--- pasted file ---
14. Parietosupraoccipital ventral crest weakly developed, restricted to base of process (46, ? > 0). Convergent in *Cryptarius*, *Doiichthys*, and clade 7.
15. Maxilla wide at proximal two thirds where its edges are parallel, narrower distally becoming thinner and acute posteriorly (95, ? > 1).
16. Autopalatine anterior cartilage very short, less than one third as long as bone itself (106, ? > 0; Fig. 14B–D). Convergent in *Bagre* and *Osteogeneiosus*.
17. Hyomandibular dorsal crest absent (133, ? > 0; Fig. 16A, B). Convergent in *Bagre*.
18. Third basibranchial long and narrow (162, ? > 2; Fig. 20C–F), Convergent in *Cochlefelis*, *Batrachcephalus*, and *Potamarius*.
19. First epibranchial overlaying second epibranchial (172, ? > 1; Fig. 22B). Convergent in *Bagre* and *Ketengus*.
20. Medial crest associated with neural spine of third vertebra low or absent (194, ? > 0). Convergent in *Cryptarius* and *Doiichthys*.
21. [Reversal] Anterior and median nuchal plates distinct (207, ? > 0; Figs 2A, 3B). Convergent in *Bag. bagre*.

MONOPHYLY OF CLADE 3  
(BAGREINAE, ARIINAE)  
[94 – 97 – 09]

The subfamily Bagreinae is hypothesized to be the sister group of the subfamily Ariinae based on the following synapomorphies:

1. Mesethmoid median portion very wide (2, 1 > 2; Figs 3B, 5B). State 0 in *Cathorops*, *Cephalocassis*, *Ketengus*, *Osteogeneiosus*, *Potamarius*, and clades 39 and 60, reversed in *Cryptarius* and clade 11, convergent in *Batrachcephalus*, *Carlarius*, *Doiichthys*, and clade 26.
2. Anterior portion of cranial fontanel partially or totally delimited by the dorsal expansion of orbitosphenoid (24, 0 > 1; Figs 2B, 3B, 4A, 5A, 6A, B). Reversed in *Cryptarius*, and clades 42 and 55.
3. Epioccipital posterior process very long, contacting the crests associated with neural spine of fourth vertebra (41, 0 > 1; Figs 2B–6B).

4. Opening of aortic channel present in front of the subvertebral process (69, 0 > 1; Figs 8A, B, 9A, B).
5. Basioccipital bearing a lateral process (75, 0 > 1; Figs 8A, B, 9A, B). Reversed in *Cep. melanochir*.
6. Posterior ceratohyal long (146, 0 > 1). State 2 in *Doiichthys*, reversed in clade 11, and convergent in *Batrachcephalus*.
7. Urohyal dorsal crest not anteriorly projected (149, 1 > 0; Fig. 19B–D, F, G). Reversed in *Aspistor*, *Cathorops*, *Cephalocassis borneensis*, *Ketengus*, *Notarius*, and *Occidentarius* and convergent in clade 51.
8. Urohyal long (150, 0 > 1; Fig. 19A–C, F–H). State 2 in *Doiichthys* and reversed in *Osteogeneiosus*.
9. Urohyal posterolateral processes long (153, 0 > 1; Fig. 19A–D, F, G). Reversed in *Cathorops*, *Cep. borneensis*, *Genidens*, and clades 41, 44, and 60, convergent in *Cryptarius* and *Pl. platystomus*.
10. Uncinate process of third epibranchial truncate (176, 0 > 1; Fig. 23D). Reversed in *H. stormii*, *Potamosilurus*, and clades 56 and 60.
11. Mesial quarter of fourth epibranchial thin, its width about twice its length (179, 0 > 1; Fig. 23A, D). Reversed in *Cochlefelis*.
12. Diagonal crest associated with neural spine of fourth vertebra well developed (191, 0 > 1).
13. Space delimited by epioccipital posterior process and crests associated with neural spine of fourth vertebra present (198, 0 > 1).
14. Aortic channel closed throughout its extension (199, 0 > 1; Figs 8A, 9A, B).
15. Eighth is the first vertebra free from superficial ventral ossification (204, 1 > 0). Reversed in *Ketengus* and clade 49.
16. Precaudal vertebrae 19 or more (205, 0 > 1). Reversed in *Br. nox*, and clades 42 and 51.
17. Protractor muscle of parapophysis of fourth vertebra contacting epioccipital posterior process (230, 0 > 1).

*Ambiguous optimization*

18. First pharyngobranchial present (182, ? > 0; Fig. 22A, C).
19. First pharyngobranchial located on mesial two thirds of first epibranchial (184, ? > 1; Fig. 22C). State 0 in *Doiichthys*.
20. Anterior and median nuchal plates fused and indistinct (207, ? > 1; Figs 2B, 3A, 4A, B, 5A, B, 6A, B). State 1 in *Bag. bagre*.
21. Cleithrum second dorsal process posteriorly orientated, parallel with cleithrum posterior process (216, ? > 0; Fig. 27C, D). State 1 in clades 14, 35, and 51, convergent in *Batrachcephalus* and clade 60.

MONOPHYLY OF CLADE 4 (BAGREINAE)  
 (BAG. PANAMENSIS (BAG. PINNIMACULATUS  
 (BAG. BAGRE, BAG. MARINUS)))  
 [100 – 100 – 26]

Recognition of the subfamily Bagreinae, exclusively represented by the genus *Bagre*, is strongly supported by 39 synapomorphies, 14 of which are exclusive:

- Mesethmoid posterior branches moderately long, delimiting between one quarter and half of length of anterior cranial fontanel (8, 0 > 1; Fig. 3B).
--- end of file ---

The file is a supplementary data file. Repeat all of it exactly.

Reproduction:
14. Parietosupraoccipital ventral crest weakly developed, restricted to base of process (46, ? > 0). Convergent in *Cryptarius*, *Doiichthys*, and clade 7.
15. Maxilla wide at proximal two thirds where its edges are parallel, narrower distally becoming thinner and acute posteriorly (95, ? > 1).
16. Autopalatine anterior cartilage very short, less than one third as long as bone itself (106, ? > 0; Fig. 14B–D). Convergent in *Bagre* and *Osteogeneiosus*.
17. Hyomandibular dorsal crest absent (133, ? > 0; Fig. 16A, B). Convergent in *Bagre*.
18. Third basibranchial long and narrow (162, ? > 2; Fig. 20C–F), Convergent in *Cochlefelis*, *Batrachcephalus*, and *Potamarius*.
19. First epibranchial overlaying second epibranchial (172, ? > 1; Fig. 22B). Convergent in *Bagre* and *Ketengus*.
20. Medial crest associated with neural spine of third vertebra low or absent (194, ? > 0). Convergent in *Cryptarius* and *Doiichthys*.
21. [Reversal] Anterior and median nuchal plates distinct (207, ? > 0; Figs 2A, 3B). Convergent in *Bag. bagre*.

MONOPHYLY OF CLADE 3  
(BAGREINAE, ARIINAE)  
[94 – 97 – 09]

The subfamily Bagreinae is hypothesized to be the sister group of the subfamily Ariinae based on the following synapomorphies:

1. Mesethmoid median portion very wide (2, 1 > 2; Figs 3B, 5B). State 0 in *Cathorops*, *Cephalocassis*, *Ketengus*, *Osteogeneiosus*, *Potamarius*, and clades 39 and 60, reversed in *Cryptarius* and clade 11, convergent in *Batrachcephalus*, *Carlarius*, *Doiichthys*, and clade 26.
2. Anterior portion of cranial fontanel partially or totally delimited by the dorsal expansion of orbitosphenoid (24, 0 > 1; Figs 2B, 3B, 4A, 5A, 6A, B). Reversed in *Cryptarius*, and clades 42 and 55.
3. Epioccipital posterior process very long, contacting the crests associated with neural spine of fourth vertebra (41, 0 > 1; Figs 2B–6B).

4. Opening of aortic channel present in front of the subvertebral process (69, 0 > 1; Figs 8A, B, 9A, B).
5. Basioccipital bearing a lateral process (75, 0 > 1; Figs 8A, B, 9A, B). Reversed in *Cep. melanochir*.
6. Posterior ceratohyal long (146, 0 > 1). State 2 in *Doiichthys*, reversed in clade 11, and convergent in *Batrachcephalus*.
7. Urohyal dorsal crest not anteriorly projected (149, 1 > 0; Fig. 19B–D, F, G). Reversed in *Aspistor*, *Cathorops*, *Cephalocassis borneensis*, *Ketengus*, *Notarius*, and *Occidentarius* and convergent in clade 51.
8. Urohyal long (150, 0 > 1; Fig. 19A–C, F–H). State 2 in *Doiichthys* and reversed in *Osteogeneiosus*.
9. Urohyal posterolateral processes long (153, 0 > 1; Fig. 19A–D, F, G). Reversed in *Cathorops*, *Cep. borneensis*, *Genidens*, and clades 41, 44, and 60, convergent in *Cryptarius* and *Pl. platystomus*.
10. Uncinate process of third epibranchial truncate (176, 0 > 1; Fig. 23D). Reversed in *H. stormii*, *Potamosilurus*, and clades 56 and 60.
11. Mesial quarter of fourth epibranchial thin, its width about twice its length (179, 0 > 1; Fig. 23A, D). Reversed in *Cochlefelis*.
12. Diagonal crest associated with neural spine of fourth vertebra well developed (191, 0 > 1).
13. Space delimited by epioccipital posterior process and crests associated with neural spine of fourth vertebra present (198, 0 > 1).
14. Aortic channel closed throughout its extension (199, 0 > 1; Figs 8A, 9A, B).
15. Eighth is the first vertebra free from superficial ventral ossification (204, 1 > 0). Reversed in *Ketengus* and clade 49.
16. Precaudal vertebrae 19 or more (205, 0 > 1). Reversed in *Br. nox*, and clades 42 and 51.
17. Protractor muscle of parapophysis of fourth vertebra contacting epioccipital posterior process (230, 0 > 1).

*Ambiguous optimization*

18. First pharyngobranchial present (182, ? > 0; Fig. 22A, C).
19. First pharyngobranchial located on mesial two thirds of first epibranchial (184, ? > 1; Fig. 22C). State 0 in *Doiichthys*.
20. Anterior and median nuchal plates fused and indistinct (207, ? > 1; Figs 2B, 3A, 4A, B, 5A, B, 6A, B). State 1 in *Bag. bagre*.
21. Cleithrum second dorsal process posteriorly orientated, parallel with cleithrum posterior process (216, ? > 0; Fig. 27C, D). State 1 in clades 14, 35, and 51, convergent in *Batrachcephalus* and clade 60.

MONOPHYLY OF CLADE 4 (BAGREINAE)  
 (BAG. PANAMENSIS (BAG. PINNIMACULATUS  
 (BAG. BAGRE, BAG. MARINUS)))  
 [100 – 100 – 26]

Recognition of the subfamily Bagreinae, exclusively represented by the genus *Bagre*, is strongly supported by 39 synapomorphies, 14 of which are exclusive:

- Mesethmoid posterior branches moderately long, delimiting between one quarter and half of length of anterior cranial fontanel (8, 0 > 1; Fig. 3B).